Scientists have digitally reconstructed the brain of a dinosaur, which has given them a rare insight into its behavioural patterns and diet.
According to a CNN report, which quotes a study published by Zoological Journal of the Linnean Society, researchers from the University of Bristol reconstructed the brain of a Thecodontosaurus, a sauropod, believed to have been spotted in England some 205 million years ago. The results revealed that the Thecodontosaurus’ diet could be meat-based and that they walked using two legs.
“Our analysis of Thecodontosaurus’ brain uncovered many fascinating features, some of which were quite surprising. Whereas its later relatives moved around ponderously on all fours, our findings suggest this species may have walked on two legs and been occasionally carnivorous,” Antonio Ballell, the lead author was quoted as saying. The study further stated that the Thecodontosaurus was in the shape of a large dog.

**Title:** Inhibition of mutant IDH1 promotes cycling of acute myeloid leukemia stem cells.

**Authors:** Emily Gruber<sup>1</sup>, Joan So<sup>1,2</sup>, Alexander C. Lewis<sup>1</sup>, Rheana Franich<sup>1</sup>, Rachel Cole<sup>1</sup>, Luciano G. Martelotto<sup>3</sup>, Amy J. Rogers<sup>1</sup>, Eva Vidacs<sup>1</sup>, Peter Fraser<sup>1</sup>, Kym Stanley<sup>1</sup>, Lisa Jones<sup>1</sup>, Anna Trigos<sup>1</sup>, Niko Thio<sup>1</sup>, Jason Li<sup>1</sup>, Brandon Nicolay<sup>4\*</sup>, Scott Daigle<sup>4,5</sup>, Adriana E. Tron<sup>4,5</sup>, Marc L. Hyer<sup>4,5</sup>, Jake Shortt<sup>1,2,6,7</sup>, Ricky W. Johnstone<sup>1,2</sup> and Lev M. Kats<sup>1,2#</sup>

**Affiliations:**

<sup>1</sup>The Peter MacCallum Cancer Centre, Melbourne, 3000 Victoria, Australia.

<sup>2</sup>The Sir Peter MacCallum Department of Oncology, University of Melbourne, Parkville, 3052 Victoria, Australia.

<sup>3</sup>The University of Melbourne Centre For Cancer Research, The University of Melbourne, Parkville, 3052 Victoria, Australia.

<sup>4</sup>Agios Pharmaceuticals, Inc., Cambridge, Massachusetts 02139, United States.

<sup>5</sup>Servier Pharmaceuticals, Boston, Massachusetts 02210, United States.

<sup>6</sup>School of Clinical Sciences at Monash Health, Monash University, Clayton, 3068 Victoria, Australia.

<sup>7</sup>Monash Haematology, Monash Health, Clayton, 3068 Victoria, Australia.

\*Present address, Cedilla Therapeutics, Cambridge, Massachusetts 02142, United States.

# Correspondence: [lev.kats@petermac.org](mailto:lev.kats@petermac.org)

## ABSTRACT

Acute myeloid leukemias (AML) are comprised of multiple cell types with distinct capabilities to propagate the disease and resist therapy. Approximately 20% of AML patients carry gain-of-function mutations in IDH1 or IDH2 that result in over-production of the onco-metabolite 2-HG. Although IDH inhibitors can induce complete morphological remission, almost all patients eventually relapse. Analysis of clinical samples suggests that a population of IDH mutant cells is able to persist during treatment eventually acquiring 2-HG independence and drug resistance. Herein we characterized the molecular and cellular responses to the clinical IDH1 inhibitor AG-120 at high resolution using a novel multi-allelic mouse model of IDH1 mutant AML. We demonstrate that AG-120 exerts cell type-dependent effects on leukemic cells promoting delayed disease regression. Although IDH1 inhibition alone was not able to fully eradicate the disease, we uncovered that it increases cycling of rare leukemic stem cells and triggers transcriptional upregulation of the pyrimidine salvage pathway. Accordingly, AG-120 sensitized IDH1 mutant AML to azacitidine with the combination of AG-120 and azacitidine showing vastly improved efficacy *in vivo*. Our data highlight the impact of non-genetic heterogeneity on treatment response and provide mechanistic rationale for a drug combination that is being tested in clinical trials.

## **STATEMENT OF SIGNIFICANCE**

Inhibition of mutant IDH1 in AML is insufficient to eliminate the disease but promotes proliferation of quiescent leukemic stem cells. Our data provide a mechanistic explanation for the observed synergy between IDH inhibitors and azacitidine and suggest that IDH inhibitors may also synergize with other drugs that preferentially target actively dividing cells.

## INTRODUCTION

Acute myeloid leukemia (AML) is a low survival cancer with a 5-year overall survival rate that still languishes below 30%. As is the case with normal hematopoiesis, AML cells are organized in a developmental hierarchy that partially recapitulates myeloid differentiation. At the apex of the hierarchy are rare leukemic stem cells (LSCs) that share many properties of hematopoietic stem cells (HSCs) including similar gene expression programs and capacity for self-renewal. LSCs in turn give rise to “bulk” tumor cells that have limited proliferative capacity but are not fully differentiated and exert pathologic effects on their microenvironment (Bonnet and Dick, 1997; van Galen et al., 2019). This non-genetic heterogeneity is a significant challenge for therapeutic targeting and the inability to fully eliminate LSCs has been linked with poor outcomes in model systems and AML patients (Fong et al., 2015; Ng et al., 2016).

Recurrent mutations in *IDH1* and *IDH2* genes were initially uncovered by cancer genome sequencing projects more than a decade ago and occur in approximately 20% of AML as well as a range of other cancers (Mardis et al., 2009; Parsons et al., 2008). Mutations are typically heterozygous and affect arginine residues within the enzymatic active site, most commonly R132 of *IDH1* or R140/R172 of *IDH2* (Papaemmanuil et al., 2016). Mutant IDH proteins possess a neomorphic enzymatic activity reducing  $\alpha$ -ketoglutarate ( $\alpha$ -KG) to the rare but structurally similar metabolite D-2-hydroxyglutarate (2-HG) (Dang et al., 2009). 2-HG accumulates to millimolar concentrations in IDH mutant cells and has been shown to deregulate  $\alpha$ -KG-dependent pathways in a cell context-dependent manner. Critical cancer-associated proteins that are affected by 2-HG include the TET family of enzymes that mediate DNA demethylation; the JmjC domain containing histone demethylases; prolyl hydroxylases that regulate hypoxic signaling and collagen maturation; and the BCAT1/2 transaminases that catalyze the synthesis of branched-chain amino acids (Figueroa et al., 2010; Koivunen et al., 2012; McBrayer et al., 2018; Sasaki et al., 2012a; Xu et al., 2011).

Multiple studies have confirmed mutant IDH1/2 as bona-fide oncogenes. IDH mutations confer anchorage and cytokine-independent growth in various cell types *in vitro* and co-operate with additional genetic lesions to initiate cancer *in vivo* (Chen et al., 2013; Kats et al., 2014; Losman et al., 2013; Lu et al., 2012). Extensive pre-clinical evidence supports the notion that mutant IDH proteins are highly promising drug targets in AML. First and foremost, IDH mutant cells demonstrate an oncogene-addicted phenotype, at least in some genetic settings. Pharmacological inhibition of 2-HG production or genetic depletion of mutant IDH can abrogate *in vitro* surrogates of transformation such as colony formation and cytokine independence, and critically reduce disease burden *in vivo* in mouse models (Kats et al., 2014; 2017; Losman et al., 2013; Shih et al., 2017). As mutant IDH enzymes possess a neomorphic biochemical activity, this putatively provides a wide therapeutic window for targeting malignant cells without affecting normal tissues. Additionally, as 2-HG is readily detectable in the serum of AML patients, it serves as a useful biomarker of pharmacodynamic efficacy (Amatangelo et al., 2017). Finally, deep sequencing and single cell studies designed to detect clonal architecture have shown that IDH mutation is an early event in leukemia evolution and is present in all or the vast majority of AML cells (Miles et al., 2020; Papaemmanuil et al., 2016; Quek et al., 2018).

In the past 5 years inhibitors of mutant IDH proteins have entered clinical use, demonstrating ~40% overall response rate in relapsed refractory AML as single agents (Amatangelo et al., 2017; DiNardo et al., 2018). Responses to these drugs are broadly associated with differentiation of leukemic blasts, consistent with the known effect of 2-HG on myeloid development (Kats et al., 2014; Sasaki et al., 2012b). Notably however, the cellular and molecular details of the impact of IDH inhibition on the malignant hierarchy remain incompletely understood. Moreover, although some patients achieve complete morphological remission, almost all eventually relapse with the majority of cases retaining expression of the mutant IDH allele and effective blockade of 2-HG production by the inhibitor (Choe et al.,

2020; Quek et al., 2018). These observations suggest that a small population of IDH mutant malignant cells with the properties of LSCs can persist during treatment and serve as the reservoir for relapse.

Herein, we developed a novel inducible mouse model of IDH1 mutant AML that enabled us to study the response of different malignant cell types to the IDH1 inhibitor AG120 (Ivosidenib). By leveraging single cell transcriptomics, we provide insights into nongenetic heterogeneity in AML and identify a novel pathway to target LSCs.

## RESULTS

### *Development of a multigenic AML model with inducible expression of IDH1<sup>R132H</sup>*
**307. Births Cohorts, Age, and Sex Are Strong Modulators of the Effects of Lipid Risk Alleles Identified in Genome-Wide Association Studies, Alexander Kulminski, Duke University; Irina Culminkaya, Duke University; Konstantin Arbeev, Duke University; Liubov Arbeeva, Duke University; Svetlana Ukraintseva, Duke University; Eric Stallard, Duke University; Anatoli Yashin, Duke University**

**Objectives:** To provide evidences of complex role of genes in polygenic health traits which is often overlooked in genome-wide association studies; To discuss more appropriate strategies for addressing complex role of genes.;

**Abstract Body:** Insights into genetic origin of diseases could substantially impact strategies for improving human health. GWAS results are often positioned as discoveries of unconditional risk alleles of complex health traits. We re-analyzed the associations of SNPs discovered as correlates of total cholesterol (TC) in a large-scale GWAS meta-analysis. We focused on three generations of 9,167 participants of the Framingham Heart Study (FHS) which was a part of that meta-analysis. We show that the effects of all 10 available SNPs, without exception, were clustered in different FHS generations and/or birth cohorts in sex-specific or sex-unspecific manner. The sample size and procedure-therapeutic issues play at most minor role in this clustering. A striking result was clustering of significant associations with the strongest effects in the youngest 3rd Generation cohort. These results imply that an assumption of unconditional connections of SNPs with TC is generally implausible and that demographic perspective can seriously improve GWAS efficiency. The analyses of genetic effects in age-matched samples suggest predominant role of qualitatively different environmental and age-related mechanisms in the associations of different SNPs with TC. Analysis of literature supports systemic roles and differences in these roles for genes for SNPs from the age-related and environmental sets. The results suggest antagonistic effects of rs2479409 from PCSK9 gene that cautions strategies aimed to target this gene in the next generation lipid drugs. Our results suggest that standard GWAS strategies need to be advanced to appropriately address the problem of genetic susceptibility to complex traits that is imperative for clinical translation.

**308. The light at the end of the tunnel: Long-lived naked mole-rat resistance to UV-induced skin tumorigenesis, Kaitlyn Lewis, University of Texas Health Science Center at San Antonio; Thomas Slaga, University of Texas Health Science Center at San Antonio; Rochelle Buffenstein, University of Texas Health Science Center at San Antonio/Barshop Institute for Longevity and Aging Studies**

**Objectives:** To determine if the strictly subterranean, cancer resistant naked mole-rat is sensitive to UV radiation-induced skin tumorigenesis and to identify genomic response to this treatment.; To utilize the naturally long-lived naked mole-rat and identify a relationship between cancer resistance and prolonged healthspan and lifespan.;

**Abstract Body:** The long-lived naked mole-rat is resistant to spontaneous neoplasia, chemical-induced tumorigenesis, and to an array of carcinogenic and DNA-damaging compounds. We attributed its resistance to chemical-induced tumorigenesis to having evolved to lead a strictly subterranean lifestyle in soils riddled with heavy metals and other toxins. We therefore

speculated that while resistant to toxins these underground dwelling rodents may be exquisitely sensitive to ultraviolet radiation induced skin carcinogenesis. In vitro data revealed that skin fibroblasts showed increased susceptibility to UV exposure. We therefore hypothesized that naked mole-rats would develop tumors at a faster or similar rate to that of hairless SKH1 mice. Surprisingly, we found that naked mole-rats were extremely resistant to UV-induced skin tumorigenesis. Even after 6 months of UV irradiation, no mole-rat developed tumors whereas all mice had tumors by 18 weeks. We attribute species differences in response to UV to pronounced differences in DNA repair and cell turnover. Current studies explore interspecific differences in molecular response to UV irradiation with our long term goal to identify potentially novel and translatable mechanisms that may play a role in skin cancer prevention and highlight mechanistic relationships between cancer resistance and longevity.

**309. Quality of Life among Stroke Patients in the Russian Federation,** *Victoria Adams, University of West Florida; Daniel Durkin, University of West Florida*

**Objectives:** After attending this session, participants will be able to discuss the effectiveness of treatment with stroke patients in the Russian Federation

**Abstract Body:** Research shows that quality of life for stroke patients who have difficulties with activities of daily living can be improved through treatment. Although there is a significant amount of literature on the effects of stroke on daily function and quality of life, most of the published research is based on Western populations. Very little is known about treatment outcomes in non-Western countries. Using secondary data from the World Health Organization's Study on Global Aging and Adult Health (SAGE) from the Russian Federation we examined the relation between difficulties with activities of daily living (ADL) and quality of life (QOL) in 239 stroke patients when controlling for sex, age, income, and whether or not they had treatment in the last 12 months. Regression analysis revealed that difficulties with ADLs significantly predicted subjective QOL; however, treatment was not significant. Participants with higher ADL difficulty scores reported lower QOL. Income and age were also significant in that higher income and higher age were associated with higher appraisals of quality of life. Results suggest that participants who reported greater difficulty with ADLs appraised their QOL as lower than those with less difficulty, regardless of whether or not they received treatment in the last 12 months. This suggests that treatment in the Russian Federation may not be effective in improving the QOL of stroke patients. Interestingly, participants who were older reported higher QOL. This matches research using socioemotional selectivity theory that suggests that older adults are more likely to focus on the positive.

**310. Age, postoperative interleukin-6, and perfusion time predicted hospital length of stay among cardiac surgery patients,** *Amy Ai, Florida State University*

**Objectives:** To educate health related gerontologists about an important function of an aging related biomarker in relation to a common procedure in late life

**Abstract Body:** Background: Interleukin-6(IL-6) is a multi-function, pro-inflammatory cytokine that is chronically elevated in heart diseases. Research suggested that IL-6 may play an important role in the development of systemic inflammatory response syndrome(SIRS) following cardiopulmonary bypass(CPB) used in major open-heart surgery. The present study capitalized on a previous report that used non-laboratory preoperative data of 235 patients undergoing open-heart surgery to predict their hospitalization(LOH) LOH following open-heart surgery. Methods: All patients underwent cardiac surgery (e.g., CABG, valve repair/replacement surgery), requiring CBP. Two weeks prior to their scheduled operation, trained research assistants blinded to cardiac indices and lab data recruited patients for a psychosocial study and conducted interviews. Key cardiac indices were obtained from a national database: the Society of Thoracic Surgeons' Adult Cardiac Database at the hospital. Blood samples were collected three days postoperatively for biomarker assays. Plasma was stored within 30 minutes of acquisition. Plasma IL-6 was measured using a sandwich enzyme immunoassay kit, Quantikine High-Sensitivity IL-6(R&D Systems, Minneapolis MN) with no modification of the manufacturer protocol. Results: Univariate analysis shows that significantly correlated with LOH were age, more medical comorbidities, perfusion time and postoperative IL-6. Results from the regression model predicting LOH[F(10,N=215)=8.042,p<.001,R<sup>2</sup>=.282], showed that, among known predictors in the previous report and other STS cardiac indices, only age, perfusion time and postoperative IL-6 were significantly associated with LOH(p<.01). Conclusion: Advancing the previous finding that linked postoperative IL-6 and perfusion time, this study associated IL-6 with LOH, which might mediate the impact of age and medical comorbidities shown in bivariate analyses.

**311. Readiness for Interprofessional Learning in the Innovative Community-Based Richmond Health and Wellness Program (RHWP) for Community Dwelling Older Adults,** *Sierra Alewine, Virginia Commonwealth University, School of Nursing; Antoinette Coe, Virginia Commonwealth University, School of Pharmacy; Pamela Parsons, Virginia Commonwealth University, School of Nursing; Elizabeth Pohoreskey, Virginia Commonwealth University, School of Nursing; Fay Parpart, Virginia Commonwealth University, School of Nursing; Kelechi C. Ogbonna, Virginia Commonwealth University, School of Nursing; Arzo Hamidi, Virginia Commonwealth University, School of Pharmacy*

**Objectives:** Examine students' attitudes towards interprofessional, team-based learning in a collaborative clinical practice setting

The report further states that while the fossils of the dinosaur were discovered in the 1800s, it is only recently that they can be studied without being destroyed. “Even though the actual brain is long gone, the software allows us to recreate brain and inner ear shape via the dimensions of the cavities left behind,” Ballell added. “The braincase of Thecodontosaurus is beautifully preserved so we compared it to other dinosaurs, identifying common features and some that are specific to Thecodontosaurus,” Ballell continued.
The creature’s braincase, as found out by researchers, has disclosed large floccular lobes. They help in balancing, indicating further that they moved on two feet. “This structure is also associated with the control of balance and eye and neck movements, suggesting Thecodontosaurus was relatively agile and could keep a stable gaze while moving fast,” Ballell was quoted as saying. New technologies aided in creating 3D models of both braincase and endocast.
“Our analysis showed parts of the brain associated with keeping the head stable and eyes and gaze steady during movement were well-developed. This could also mean Thecodontosaurus could occasionally catch prey, although its tooth morphology suggests plants were the main component of its diet. It’s possible it adopted omnivorous habits,” he was further quoted.